Biomaterials, Biodegradables and Biomimetics Research Group

Papers in Scientific Journals

Development of bioactive glass fiber reinforced starch-polycaprolactone composite


For bone regeneration and repair, combinations of different materials are often
needed. Biodegradable polymers are often combined with osteoconductive materials, such as
bioactive glass (BaG), which can also improve the mechanical properties of the composite. The
aim of this work was to develop and characterize BaG fiber reinforced starch–poly-ecaprolactone
(SPCL) composite. Sheets of SPCL (30/70 wt %) were produced using singlescrew
extrusion. They were then cut and compression-molded in layers with BaG fibers to
form composite structures with different combinations. Mechanical and degradation properties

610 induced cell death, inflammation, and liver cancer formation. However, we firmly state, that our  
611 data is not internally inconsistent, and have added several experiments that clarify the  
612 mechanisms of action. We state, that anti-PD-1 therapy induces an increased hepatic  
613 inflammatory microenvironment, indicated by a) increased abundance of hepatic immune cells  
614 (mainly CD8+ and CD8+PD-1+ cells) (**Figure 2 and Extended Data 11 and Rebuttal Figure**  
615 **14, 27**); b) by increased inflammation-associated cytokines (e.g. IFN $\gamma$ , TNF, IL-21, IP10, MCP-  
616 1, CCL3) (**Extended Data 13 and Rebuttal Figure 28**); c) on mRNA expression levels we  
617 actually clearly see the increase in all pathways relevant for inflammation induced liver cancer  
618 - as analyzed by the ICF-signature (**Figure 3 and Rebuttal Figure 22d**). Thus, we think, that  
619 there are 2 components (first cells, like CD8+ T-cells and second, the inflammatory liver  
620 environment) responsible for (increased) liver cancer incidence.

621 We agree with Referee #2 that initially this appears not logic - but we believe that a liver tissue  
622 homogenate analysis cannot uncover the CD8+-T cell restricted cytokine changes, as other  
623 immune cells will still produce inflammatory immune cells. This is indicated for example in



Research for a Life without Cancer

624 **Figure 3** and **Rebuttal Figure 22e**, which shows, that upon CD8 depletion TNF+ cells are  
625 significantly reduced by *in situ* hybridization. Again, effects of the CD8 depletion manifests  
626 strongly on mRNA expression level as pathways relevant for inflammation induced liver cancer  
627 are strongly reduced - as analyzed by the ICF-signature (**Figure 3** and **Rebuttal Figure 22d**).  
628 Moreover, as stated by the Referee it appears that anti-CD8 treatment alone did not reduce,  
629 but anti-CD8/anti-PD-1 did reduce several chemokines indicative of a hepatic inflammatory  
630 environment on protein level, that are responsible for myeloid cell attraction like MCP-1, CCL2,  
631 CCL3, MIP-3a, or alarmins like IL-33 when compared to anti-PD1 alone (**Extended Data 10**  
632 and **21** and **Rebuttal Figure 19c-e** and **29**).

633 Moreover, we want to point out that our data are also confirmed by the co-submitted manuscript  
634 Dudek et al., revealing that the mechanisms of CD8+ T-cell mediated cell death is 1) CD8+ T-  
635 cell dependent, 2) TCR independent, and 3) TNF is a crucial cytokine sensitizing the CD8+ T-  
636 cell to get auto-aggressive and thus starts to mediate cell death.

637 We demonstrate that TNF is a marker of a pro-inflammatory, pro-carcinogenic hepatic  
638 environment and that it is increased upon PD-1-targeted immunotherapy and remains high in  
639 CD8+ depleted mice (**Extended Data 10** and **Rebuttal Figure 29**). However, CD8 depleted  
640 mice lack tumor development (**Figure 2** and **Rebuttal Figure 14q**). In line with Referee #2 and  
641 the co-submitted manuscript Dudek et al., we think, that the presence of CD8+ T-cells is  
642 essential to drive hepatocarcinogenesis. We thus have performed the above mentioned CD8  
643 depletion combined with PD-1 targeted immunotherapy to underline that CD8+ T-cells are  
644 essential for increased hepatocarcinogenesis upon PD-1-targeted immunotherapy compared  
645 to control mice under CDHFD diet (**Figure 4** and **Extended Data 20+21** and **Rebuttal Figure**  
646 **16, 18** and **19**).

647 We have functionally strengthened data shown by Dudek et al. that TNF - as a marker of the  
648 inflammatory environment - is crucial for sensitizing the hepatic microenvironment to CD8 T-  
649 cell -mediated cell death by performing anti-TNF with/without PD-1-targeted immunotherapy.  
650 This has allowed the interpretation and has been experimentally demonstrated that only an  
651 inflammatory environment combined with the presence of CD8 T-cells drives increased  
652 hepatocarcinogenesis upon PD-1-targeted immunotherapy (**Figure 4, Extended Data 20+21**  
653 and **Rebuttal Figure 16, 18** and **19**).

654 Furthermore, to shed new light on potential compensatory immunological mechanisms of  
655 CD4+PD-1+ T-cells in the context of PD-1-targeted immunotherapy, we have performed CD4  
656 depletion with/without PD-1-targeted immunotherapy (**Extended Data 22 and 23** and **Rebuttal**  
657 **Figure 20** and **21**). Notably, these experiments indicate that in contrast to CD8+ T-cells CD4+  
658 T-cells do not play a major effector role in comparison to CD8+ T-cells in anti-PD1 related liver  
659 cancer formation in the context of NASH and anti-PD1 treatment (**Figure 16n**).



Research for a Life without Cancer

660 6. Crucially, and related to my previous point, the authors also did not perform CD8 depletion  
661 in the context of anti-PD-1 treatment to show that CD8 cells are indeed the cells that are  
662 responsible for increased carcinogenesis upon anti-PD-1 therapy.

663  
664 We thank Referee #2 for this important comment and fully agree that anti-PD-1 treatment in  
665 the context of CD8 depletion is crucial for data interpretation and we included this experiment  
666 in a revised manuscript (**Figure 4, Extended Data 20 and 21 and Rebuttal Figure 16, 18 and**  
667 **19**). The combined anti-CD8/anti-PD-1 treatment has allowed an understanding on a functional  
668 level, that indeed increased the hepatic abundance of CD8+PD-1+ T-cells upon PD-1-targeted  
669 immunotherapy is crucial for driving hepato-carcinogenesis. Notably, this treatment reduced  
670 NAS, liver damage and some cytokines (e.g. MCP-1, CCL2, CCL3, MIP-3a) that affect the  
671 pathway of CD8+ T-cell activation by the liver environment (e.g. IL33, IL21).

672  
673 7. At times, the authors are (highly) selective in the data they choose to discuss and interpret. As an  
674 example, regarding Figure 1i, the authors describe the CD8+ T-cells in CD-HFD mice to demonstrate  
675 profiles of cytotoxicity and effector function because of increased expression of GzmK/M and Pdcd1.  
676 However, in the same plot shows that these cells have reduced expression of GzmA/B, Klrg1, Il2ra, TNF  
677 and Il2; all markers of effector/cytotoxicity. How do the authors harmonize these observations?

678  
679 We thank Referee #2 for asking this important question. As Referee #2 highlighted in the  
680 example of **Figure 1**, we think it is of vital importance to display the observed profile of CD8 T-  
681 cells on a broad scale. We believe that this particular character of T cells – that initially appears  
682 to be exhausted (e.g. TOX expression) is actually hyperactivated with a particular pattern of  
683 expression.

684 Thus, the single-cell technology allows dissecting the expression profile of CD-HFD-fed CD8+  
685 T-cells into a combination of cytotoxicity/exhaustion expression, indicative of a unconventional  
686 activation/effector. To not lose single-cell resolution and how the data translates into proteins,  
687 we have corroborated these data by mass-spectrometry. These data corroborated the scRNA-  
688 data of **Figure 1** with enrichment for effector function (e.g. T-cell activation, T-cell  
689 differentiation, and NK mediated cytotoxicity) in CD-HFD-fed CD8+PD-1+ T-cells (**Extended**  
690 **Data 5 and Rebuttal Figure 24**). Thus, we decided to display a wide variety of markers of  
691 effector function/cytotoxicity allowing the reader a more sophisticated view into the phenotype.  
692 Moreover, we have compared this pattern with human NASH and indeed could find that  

of the composites were studied. The actual amount of BaG in the composites was
determined using combustion tests. Initial mechanical properties of the reinforced composites
were at least 50% better than the properties of the nonreinforced specimens. However, the
mechanical properties of the composites after 2 weeks of hydrolysis were comparable to those
of the nonreinforced samples. During the 6 weeks hydrolysis the mass of the composites had
decreased only by about 5%. The amount of glass in the composites remained as initial for the
6-week period of hydrolysis. In conclusion, it is possible to enhance initial mechanical
properties of SPCL by reinforcing it with BaG fibers. However, mechanical properties of the
composites are typical for bone fillers and strength properties need to be further improved for
allowing more demanding bone applications.

bioactive glass fiber, bone applications, composite, poly-e-caprolactone, Starch
Open Access
Peer Reviewed
Year of Publication
Date Published
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